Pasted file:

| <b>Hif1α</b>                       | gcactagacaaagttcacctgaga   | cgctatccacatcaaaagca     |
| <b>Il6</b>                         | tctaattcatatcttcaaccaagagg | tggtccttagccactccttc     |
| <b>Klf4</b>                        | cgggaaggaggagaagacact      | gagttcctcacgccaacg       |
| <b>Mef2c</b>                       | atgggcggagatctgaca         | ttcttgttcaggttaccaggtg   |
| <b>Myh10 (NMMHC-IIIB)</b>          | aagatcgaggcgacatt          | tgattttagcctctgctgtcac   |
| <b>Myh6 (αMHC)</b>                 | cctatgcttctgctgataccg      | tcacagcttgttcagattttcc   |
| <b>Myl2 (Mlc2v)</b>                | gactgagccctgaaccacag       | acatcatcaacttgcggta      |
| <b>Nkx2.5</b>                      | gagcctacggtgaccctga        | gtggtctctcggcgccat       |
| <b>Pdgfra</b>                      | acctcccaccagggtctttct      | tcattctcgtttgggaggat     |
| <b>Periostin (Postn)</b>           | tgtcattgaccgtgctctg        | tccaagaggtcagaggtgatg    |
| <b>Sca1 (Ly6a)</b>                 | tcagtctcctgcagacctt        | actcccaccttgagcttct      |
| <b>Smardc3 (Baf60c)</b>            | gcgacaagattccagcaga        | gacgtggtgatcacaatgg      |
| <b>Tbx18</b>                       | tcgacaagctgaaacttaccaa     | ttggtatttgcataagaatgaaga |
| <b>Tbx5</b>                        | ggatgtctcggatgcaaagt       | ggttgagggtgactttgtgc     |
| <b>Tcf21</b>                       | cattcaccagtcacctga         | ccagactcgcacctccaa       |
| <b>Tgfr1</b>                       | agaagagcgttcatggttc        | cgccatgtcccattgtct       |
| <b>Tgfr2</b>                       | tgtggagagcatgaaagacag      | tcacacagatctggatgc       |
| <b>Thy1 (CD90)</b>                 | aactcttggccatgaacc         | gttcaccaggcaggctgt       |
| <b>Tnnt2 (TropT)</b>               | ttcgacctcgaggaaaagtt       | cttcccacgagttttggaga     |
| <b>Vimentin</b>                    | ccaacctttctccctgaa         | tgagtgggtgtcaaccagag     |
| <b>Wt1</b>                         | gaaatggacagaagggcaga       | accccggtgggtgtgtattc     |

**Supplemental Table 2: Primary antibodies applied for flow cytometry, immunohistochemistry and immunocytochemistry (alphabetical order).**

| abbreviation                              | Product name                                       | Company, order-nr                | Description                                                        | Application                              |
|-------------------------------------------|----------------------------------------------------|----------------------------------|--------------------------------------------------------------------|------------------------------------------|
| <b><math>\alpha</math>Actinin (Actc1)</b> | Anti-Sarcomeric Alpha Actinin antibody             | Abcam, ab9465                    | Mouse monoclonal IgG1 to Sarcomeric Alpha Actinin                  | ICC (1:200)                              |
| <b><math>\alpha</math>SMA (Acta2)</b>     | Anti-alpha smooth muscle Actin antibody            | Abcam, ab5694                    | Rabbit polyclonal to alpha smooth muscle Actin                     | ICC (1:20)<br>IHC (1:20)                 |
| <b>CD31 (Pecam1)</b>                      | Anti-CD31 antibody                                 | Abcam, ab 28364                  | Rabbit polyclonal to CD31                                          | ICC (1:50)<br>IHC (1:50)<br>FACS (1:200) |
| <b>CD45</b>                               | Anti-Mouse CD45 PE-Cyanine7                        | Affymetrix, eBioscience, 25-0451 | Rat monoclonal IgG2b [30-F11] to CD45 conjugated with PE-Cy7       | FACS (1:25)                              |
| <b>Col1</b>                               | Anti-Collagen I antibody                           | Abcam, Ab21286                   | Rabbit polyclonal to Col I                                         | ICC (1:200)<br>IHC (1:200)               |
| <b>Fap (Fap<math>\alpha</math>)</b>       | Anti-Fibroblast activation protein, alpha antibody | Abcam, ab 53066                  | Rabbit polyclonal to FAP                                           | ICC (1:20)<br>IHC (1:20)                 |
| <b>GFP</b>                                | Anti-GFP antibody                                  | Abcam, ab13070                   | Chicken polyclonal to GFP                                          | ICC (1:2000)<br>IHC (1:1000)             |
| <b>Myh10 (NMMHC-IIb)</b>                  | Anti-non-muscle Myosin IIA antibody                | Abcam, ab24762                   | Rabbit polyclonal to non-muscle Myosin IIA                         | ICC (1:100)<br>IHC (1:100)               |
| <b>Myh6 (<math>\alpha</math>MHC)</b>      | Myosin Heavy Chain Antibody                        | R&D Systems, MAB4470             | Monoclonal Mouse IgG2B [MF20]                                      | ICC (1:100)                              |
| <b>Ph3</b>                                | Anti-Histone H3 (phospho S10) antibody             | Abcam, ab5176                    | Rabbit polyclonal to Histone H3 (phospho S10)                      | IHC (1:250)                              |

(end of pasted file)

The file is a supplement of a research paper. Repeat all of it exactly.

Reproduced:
| <b>Hif1α</b>                       | gcactagacaaagttcacctgaga   | cgctatccacatcaaaagca     |
| <b>Il6</b>                         | tctaattcatatcttcaaccaagagg | tggtccttagccactccttc     |
| <b>Klf4</b>                        | cgggaaggaggagaagacact      | gagttcctcacgccaacg       |
| <b>Mef2c</b>                       | atgggcggagatctgaca         | ttcttgttcaggttaccaggtg   |
| <b>Myh10 (NMMHC-IIIB)</b>          | aagatcgaggcgacatt          | tgattttagcctctgctgtcac   |
| <b>Myh6 (αMHC)</b>                 | cctatgcttctgctgataccg      | tcacagcttgttcagattttcc   |
| <b>Myl2 (Mlc2v)</b>                | gactgagccctgaaccacag       | acatcatcaacttgcggta      |
| <b>Nkx2.5</b>                      | gagcctacggtgaccctga        | gtggtctctcggcgccat       |
| <b>Pdgfra</b>                      | acctcccaccagggtctttct      | tcattctcgtttgggaggat     |
| <b>Periostin (Postn)</b>           | tgtcattgaccgtgctctg        | tccaagaggtcagaggtgatg    |
| <b>Sca1 (Ly6a)</b>                 | tcagtctcctgcagacctt        | actcccaccttgagcttct      |
| <b>Smardc3 (Baf60c)</b>            | gcgacaagattccagcaga        | gacgtggtgatcacaatgg      |
| <b>Tbx18</b>                       | tcgacaagctgaaacttaccaa     | ttggtatttgcataagaatgaaga |
| <b>Tbx5</b>                        | ggatgtctcggatgcaaagt       | ggttgagggtgactttgtgc     |
| <b>Tcf21</b>                       | cattcaccagtcacctga         | ccagactcgcacctccaa       |
| <b>Tgfr1</b>                       | agaagagcgttcatggttc        | cgccatgtcccattgtct       |
| <b>Tgfr2</b>                       | tgtggagagcatgaaagacag      | tcacacagatctggatgc       |
| <b>Thy1 (CD90)</b>                 | aactcttggccatgaacc         | gttcaccaggcaggctgt       |
| <b>Tnnt2 (TropT)</b>               | ttcgacctcgaggaaaagtt       | cttcccacgagttttggaga     |
| <b>Vimentin</b>                    | ccaacctttctccctgaa         | tgagtgggtgtcaaccagag     |
| <b>Wt1</b>                         | gaaatggacagaagggcaga       | accccggtgggtgtgtattc     |

**Supplemental Table 2: Primary antibodies applied for flow cytometry, immunohistochemistry and immunocytochemistry (alphabetical order).**

| abbreviation                              | Product name                                       | Company, order-nr                | Description                                                        | Application                              |
|-------------------------------------------|----------------------------------------------------|----------------------------------|--------------------------------------------------------------------|------------------------------------------|
| <b><math>\alpha</math>Actinin (Actc1)</b> | Anti-Sarcomeric Alpha Actinin antibody             | Abcam, ab9465                    | Mouse monoclonal IgG1 to Sarcomeric Alpha Actinin                  | ICC (1:200)                              |
| <b><math>\alpha</math>SMA (Acta2)</b>     | Anti-alpha smooth muscle Actin antibody            | Abcam, ab5694                    | Rabbit polyclonal to alpha smooth muscle Actin                     | ICC (1:20)<br>IHC (1:20)                 |
| <b>CD31 (Pecam1)</b>                      | Anti-CD31 antibody                                 | Abcam, ab 28364                  | Rabbit polyclonal to CD31                                          | ICC (1:50)<br>IHC (1:50)<br>FACS (1:200) |
| <b>CD45</b>                               | Anti-Mouse CD45 PE-Cyanine7                        | Affymetrix, eBioscience, 25-0451 | Rat monoclonal IgG2b [30-F11] to CD45 conjugated with PE-Cy7       | FACS (1:25)                              |
| <b>Col1</b>                               | Anti-Collagen I antibody                           | Abcam, Ab21286                   | Rabbit polyclonal to Col I                                         | ICC (1:200)<br>IHC (1:200)               |
| <b>Fap (Fap<math>\alpha</math>)</b>       | Anti-Fibroblast activation protein, alpha antibody | Abcam, ab 53066                  | Rabbit polyclonal to FAP                                           | ICC (1:20)<br>IHC (1:20)                 |
| <b>GFP</b>                                | Anti-GFP antibody                                  | Abcam, ab13070                   | Chicken polyclonal to GFP                                          | ICC (1:2000)<br>IHC (1:1000)             |
| <b>Myh10 (NMMHC-IIb)</b>                  | Anti-non-muscle Myosin IIA antibody                | Abcam, ab24762                   | Rabbit polyclonal to non-muscle Myosin IIA                         | ICC (1:100)<br>IHC (1:100)               |
| <b>Myh6 (<math>\alpha</math>MHC)</b>      | Myosin Heavy Chain Antibody                        | R&D Systems, MAB4470             | Monoclonal Mouse IgG2B [MF20]                                      | ICC (1:100)                              |
| <b>Ph3</b>                                | Anti-Histone H3 (phospho S10) antibody             | Abcam, ab5176                    | Rabbit polyclonal to Histone H3 (phospho S10)                      | IHC (1:250)                              |